Opinion

People are still island’s best resource

What do we mean when we talk about “community values”?

While the generally shared desire for a quiet refuge unspoilt by change comes immediately to the fore of any discussion of a Bainbridge Islander’s DNA makeup, there’s a human component as well. Look no further than the Community Values Surveys of 1994 and 2000 for proof.

In the two most recent scientific polls of island sentiment commissioned by the city, our “sense of community” outpaced even “open natural space” as the most-valued characteristic, with “diversity of people” placing third ahead of “small scale development.” For as much as we value all those trees, we value the people who live amongst them still more.

Capturing the essence of today’s islanders, their shared values and dreams and goals and fears, seems as apt a way as any to describe the IslandWise project being undertaken by former mayor Dwight Sutton, businessman Charlie Frame, architect Rod Stevens, police detective Scott Anderson and others. Through a series of “fireside chats” now getting under way, these folks hope to meet islanders from a cross-section of the community to discuss what brought them to the island, what keeps them here and what might someday push them to seek refuge elsewhere.

Those conflicting impulses are reflected on today’s front page. In one story, a pair of young islanders discuss their experiences setting up a small business in their home – a rental of unusually low cost, thanks to the philanthropy of their landlord – and the challenge of finding the home itself. Contrast their views with those of another islander, a tireless champion of agricultural preservation for more than a decade, who has decided to give up the fight here and move on.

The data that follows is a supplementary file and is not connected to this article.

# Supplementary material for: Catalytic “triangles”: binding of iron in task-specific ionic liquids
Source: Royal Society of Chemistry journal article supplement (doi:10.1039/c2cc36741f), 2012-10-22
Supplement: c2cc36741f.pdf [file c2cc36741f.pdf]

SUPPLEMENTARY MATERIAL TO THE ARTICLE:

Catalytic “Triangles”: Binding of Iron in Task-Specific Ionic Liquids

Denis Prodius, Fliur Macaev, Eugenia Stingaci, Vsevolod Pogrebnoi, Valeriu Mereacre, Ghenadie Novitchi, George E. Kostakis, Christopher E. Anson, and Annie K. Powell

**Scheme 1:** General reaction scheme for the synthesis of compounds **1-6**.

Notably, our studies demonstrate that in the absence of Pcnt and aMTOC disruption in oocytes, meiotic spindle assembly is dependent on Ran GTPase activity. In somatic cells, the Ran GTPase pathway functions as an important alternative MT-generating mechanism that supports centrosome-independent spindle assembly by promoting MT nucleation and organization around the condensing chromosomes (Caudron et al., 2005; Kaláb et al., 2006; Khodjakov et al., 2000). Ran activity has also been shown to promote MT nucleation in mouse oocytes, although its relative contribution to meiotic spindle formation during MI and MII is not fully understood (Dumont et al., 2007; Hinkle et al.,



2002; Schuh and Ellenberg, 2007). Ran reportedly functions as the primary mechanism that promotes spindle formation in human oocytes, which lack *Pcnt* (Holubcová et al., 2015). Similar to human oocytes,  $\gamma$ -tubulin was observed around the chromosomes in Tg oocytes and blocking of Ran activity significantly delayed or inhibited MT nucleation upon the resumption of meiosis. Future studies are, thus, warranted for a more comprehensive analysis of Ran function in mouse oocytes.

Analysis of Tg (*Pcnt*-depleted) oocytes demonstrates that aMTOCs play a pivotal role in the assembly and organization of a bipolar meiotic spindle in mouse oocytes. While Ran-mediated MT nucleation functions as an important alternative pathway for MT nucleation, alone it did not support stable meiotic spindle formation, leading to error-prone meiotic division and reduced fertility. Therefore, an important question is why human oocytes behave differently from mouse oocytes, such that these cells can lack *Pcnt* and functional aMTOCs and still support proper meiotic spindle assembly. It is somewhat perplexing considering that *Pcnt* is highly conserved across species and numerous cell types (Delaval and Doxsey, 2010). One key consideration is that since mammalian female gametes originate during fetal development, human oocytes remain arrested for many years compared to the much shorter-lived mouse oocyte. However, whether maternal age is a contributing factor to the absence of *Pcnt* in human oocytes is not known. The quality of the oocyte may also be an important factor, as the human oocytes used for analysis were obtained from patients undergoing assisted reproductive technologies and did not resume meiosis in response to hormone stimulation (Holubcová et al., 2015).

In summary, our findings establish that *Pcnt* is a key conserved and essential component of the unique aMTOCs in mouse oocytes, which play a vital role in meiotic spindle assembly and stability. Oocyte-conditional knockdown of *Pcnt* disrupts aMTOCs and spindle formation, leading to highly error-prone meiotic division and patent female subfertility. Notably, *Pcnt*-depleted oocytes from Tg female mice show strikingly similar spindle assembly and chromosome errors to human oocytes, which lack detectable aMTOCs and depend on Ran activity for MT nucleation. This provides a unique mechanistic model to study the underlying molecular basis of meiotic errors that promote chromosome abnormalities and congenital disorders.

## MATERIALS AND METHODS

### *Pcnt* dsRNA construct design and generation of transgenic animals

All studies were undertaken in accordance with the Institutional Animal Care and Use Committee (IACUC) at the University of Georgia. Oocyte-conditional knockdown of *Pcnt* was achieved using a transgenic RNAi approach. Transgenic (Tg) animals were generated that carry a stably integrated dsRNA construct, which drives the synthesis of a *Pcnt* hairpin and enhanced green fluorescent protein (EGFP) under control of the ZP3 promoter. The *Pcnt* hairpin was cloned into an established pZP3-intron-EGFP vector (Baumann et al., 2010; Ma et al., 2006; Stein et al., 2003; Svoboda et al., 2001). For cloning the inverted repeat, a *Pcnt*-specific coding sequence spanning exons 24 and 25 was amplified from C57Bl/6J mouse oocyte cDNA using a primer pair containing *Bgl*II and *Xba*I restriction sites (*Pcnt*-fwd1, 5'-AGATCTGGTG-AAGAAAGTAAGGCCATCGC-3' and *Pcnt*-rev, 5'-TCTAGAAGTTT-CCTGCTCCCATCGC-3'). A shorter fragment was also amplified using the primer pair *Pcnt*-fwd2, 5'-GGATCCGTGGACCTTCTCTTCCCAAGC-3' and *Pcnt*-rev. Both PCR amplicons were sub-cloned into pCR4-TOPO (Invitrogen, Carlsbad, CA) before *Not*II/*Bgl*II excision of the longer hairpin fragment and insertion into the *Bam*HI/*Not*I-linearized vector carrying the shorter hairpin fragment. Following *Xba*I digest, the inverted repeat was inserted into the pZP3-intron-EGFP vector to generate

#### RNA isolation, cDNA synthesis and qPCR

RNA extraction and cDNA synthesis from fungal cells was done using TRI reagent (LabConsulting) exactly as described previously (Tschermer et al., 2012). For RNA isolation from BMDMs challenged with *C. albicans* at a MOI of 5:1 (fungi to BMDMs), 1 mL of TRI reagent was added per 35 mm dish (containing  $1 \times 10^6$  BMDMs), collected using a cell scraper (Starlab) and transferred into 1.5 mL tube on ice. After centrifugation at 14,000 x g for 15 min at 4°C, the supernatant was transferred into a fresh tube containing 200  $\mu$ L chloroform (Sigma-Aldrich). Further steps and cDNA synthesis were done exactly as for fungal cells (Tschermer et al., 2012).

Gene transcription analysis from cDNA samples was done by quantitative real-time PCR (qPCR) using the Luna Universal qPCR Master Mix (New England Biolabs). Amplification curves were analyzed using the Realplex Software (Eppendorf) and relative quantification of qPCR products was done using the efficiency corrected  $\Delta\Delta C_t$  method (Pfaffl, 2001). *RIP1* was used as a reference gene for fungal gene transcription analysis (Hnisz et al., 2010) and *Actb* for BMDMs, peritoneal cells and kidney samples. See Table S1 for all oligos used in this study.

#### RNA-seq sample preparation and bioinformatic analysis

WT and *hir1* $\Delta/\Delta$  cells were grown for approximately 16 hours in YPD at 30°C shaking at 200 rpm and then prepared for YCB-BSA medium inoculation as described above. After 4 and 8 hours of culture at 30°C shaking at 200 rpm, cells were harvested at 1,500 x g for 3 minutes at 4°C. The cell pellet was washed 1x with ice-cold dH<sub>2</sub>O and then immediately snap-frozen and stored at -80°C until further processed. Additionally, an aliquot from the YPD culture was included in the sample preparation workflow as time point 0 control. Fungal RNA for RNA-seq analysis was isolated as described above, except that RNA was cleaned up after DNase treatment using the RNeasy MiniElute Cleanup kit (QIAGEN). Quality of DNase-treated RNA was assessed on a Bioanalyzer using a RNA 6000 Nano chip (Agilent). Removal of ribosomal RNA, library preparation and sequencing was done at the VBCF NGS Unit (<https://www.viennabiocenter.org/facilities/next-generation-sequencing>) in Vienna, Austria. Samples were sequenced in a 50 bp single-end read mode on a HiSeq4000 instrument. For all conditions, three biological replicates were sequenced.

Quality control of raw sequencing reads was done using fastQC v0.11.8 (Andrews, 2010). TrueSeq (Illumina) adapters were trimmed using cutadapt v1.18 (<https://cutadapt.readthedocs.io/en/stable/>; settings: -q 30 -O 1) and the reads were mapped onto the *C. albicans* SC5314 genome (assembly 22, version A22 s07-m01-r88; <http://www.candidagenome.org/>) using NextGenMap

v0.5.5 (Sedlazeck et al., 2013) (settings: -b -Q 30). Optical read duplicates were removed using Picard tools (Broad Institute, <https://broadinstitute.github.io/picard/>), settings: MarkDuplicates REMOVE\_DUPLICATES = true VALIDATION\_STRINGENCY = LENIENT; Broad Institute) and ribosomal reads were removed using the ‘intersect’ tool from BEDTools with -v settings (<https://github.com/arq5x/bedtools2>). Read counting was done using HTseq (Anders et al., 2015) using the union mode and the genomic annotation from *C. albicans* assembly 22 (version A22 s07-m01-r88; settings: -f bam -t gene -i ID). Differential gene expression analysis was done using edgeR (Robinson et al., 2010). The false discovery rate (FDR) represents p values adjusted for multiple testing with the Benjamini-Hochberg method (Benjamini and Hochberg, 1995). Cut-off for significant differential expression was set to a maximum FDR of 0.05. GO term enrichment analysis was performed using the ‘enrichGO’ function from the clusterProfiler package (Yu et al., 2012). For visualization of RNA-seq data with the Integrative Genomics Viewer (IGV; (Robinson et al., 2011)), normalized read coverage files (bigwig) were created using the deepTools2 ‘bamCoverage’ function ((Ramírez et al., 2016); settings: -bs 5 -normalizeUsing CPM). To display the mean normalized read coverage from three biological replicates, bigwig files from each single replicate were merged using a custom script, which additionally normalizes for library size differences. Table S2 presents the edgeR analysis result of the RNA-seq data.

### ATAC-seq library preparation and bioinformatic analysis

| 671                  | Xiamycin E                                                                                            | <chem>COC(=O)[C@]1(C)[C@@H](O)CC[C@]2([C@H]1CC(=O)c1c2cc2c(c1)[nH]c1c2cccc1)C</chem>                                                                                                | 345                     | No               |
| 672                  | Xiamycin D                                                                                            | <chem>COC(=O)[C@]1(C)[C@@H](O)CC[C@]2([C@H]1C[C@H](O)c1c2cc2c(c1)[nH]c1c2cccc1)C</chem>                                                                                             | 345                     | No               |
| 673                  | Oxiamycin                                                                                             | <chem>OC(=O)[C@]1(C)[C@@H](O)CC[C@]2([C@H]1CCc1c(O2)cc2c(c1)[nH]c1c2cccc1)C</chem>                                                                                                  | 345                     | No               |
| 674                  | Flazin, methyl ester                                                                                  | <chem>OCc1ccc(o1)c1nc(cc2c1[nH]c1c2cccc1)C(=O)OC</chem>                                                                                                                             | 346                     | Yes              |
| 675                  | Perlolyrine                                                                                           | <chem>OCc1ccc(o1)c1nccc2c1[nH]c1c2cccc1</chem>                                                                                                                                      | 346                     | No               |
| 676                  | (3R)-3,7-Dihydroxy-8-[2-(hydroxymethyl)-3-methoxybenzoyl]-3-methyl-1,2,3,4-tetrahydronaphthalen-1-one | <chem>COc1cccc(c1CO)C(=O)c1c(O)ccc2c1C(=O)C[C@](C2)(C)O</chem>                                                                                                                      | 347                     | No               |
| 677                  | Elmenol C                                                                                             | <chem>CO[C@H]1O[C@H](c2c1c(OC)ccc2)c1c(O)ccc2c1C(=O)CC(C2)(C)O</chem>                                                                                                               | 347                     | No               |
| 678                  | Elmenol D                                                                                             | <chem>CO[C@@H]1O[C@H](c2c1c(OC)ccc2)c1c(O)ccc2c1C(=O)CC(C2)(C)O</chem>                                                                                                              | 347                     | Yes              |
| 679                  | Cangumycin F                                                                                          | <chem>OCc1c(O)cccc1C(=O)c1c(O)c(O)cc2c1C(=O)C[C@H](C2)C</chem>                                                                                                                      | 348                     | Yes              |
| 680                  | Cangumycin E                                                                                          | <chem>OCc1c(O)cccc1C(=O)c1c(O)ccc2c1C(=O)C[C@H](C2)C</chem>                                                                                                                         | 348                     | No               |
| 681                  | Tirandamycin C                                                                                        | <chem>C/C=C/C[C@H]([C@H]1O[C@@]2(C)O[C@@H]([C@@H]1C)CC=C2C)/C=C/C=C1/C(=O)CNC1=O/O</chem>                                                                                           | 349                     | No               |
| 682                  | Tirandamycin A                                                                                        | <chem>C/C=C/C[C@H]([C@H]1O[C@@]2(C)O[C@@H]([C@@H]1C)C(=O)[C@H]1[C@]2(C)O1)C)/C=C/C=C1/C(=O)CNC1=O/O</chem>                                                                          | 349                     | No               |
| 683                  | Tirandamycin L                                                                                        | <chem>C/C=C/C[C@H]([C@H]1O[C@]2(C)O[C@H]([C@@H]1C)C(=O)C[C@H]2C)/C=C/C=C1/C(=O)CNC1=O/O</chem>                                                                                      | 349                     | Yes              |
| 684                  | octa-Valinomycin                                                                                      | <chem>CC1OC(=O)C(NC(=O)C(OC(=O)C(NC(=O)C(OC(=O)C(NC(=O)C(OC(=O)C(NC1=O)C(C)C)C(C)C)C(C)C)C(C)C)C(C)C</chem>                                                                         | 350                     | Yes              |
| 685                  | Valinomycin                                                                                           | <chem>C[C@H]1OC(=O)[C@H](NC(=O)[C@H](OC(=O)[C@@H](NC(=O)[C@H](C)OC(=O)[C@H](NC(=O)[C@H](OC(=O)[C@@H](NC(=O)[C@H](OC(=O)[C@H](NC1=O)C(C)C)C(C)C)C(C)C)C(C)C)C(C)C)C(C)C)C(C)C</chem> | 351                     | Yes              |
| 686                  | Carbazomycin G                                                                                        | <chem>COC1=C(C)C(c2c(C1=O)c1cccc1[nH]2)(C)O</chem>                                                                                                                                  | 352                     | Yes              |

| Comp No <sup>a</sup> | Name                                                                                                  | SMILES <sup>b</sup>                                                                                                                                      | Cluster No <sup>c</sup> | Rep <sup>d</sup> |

Our previous entries in this series have caught up with folks at the extreme ends of the economic spectrum, long-time islanders who find Bainbridge accommodating despite the changes around them, and newer residents – folks who, arguably, embody the dreaded “change” – who’ve grafted themselves onto the community and couldn’t be happier. We’ll run a few more of these household profiles before handing the project over to the folks at IslandWise.

Sutton and his group hope to codify the commonalities they find among the many people with whom they meet and publish their findings for the community to ponder.

“Then the challenge is, how do we best implement these things so that they’re not something we have published and put on the wall and walk away?” Sutton says. “How do we draw them into the behavior of ourselves, our government, our organizations? That will be another challenge.”

Join the IslandWise discussion by giving Sutton a call and setting up a time for a fireside chat. What does it mean to be an islander these days? We’ll be interested to find out.

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